jbriggs444
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2. If so, does this mean that if you apply the gravitational potential formula in your post for a local scenario, it would dilate the time by the same factor the Equivalence Principle would? Thus, time dilated by a infinitesimal small change in g (local) would be approximately equivalent to the time dilated by the difference in velocities?
It's not the change in g over distance. It's the integral of g over distance.

It's not the change in g over distance. It's the integral of g over distance.
Sorry, that's what I meant in the question.

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PeterDonis
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I can understand time dilation if it's explained mathematically by the difference in velocity
Which only works locally, in a small enough patch of spacetime such that there is no difference in g within the patch. So this explanation doesn't help you over a large enough range of height that differences in g are observable.

how can time dilation be explained by the difference in gravity potential?
Because that's how the math works. It's different math from the math you're using in a local inertial frame, but it still works.

To put it another way, the time dilation between observers at different heights in a gravity well is simply part of the geometry of spacetime in this particular scenario. That is the explanation.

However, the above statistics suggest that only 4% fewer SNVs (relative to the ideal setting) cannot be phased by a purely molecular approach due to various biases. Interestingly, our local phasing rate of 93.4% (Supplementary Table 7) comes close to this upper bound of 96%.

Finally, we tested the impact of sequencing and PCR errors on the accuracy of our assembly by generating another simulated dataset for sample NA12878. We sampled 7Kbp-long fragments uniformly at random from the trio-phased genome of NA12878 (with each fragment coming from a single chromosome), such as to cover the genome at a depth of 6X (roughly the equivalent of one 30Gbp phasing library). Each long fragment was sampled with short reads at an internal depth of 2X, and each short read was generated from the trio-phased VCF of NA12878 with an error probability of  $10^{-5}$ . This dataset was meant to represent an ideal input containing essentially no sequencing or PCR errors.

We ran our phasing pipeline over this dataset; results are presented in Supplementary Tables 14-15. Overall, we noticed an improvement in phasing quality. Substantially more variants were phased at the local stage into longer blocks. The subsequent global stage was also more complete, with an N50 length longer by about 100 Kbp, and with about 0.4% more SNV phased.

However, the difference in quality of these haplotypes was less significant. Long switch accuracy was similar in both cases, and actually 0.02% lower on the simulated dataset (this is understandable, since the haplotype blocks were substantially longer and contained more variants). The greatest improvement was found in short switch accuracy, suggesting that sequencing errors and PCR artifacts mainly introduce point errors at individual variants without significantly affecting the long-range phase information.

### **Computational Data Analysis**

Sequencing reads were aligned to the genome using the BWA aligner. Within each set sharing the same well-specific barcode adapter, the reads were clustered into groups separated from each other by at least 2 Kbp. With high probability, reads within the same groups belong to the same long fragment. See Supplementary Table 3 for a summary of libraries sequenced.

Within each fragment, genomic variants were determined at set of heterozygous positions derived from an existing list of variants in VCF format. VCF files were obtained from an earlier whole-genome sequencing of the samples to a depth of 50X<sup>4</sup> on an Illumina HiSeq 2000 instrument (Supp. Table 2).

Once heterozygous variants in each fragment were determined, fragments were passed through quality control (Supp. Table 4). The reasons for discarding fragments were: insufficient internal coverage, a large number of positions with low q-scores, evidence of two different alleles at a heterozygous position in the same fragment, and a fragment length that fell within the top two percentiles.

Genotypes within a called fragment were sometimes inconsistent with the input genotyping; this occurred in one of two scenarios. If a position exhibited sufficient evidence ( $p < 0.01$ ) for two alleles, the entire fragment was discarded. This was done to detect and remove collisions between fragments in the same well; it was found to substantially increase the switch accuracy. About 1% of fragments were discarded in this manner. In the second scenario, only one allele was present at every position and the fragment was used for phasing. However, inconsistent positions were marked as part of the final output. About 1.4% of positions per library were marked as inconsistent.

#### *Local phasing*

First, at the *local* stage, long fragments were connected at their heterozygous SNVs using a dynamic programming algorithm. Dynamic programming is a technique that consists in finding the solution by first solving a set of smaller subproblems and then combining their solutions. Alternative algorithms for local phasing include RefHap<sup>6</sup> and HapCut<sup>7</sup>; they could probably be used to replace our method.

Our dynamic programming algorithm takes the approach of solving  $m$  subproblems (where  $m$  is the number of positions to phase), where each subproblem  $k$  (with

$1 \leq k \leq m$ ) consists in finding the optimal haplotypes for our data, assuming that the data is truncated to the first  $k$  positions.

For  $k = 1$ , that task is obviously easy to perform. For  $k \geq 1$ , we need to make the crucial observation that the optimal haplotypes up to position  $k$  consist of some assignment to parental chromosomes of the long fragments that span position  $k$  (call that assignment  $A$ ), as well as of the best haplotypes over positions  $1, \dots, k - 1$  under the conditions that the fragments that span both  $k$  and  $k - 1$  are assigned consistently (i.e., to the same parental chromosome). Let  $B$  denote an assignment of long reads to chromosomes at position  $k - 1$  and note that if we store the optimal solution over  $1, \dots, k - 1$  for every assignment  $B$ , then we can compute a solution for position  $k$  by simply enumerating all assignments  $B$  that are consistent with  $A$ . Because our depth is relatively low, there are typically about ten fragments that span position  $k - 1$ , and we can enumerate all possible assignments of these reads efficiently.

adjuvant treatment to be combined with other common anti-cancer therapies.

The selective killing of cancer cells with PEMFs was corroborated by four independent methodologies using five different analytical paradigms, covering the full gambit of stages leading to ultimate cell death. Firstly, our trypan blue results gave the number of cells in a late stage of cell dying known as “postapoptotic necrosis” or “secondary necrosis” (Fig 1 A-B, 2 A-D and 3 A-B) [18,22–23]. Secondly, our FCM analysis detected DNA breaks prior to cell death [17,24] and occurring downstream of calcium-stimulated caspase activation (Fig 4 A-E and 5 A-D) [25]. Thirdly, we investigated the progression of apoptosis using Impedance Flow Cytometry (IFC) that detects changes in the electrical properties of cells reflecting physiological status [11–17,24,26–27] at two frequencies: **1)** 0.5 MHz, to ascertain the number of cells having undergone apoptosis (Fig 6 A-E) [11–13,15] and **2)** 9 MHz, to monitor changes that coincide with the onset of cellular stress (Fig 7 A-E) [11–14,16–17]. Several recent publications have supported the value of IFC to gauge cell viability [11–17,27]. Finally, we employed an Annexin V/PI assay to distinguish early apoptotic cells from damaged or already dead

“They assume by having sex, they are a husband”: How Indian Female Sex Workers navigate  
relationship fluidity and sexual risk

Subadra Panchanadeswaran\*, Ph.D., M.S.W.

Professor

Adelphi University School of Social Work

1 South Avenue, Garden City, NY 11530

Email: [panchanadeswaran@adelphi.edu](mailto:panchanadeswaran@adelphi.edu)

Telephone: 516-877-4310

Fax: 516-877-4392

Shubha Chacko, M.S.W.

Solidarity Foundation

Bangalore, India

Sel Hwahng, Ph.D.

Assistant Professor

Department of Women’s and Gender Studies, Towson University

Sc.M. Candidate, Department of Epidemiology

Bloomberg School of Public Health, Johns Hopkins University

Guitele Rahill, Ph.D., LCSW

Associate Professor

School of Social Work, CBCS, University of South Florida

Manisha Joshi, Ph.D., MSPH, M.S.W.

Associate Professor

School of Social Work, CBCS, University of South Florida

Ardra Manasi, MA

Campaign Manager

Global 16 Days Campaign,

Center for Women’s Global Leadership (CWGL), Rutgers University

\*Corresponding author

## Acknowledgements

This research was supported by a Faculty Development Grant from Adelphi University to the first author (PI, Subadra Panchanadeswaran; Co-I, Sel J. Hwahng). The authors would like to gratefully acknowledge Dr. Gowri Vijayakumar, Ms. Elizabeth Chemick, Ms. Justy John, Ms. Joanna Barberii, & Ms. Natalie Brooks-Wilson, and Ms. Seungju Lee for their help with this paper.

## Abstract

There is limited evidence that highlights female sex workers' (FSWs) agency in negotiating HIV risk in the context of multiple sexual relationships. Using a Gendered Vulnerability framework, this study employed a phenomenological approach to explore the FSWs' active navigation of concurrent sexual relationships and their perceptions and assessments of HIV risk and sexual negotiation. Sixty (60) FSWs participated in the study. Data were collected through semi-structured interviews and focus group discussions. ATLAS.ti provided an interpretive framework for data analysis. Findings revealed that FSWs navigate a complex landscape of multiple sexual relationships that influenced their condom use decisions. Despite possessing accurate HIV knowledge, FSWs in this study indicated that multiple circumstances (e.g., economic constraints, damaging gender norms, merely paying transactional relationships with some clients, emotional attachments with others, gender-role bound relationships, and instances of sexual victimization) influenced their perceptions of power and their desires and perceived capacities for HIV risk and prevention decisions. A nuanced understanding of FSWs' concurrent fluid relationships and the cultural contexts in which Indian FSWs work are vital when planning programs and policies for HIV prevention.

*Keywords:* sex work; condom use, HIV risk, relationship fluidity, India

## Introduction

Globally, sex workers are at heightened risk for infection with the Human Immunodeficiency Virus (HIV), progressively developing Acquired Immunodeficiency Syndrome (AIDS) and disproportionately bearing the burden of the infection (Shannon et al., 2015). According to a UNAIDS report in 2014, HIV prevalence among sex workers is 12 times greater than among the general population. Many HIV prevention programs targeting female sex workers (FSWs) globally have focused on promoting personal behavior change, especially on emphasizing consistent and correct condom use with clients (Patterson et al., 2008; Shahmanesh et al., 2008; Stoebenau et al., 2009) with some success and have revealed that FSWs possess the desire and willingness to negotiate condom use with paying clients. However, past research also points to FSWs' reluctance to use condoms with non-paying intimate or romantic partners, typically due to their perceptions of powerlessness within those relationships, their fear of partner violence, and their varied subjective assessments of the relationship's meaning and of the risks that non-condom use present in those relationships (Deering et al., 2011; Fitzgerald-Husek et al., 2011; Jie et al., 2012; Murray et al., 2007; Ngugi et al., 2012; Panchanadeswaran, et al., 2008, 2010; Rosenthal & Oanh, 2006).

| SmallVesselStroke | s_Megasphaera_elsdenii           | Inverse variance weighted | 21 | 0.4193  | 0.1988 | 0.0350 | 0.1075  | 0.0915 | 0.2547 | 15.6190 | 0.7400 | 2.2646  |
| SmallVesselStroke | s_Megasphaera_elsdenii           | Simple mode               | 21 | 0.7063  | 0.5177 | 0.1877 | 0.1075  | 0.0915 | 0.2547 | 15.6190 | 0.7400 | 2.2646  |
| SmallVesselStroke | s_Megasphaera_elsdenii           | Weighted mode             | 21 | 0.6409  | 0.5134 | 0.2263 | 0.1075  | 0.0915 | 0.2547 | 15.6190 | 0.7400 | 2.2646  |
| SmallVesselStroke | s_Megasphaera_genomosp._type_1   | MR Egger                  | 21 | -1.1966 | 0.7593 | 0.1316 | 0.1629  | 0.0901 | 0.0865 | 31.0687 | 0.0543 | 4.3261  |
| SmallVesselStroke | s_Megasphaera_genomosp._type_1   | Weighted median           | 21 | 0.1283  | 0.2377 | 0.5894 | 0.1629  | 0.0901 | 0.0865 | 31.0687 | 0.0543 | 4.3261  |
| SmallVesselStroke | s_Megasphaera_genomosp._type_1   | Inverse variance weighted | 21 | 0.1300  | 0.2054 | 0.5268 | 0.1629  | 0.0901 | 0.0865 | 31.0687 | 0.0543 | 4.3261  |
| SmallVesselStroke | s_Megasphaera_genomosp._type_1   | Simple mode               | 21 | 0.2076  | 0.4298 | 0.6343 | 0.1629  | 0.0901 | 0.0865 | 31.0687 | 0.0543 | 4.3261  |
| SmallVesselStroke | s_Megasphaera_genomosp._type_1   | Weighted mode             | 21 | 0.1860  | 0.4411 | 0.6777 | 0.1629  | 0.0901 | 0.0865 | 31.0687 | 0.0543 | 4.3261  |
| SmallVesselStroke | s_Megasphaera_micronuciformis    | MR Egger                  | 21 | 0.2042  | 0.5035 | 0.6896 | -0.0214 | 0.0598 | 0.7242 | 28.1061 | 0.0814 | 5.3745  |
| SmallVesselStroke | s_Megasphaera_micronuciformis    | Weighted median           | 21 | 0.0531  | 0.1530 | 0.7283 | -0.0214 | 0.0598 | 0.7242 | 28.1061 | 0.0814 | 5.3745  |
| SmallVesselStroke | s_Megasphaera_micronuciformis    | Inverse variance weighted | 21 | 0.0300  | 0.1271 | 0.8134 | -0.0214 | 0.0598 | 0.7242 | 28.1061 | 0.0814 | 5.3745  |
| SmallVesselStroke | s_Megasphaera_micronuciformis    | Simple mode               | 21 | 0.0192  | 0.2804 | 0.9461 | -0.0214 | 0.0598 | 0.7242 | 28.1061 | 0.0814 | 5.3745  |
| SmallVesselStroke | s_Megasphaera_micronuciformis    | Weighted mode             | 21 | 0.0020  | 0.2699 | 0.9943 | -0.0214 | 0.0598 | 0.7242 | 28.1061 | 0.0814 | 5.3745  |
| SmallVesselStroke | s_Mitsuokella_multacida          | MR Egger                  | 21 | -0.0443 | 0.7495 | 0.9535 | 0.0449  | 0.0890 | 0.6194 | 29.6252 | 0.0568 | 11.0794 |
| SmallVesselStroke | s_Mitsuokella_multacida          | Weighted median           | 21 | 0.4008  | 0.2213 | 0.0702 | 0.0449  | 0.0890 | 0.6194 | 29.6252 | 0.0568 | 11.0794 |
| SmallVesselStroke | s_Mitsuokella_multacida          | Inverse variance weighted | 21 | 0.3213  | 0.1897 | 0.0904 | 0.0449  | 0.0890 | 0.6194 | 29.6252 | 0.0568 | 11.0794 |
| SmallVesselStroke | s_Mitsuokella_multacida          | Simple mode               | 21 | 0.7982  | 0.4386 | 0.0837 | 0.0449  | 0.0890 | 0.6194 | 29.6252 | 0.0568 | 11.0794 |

Especially when the equivalence principle can't be used for time dilation over a large range of heights?
The equivalence principle can't tell you anything about the geometry of spacetime anyway, because by definition it only works in a small enough patch of spacetime that tidal gravity (which is the physical observation referred to by "the geometry of spacetime") is unobservable.

Basically, you're looking at things backwards. The geometry of spacetime is the fundamental entity in GR; the equivalence principle is just one of many possible approximations. You're trying to make the EP the fundamental entity and derive everything else from it. That won't work.

PeterDonis
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Is the Equivalence Principle explanation some kind of alternative substitute for the gravitational potential explanation in case of a local scenario?
No. It's just a different way of looking at the same explanation (or a local approximation of it). See my post #29.

does this mean that if you apply the gravitational potential formula in your post for a local scenario, it would dilate the time by the same factor the Equivalence Principle would?
The gravitational potential formula is exact and applies over any height change, however small. The local EP formula is an approximation to it that only works for small enough height changes that no change in g is observable. So you are once again looking at it backwards: the question isn't whether the potential formula gives the same answer as the EP formula, the question is whether, and under what condtions, the EP formula (the approximation) gives the same answer (to within the desired accuracy) as the potential formula (the exact formula).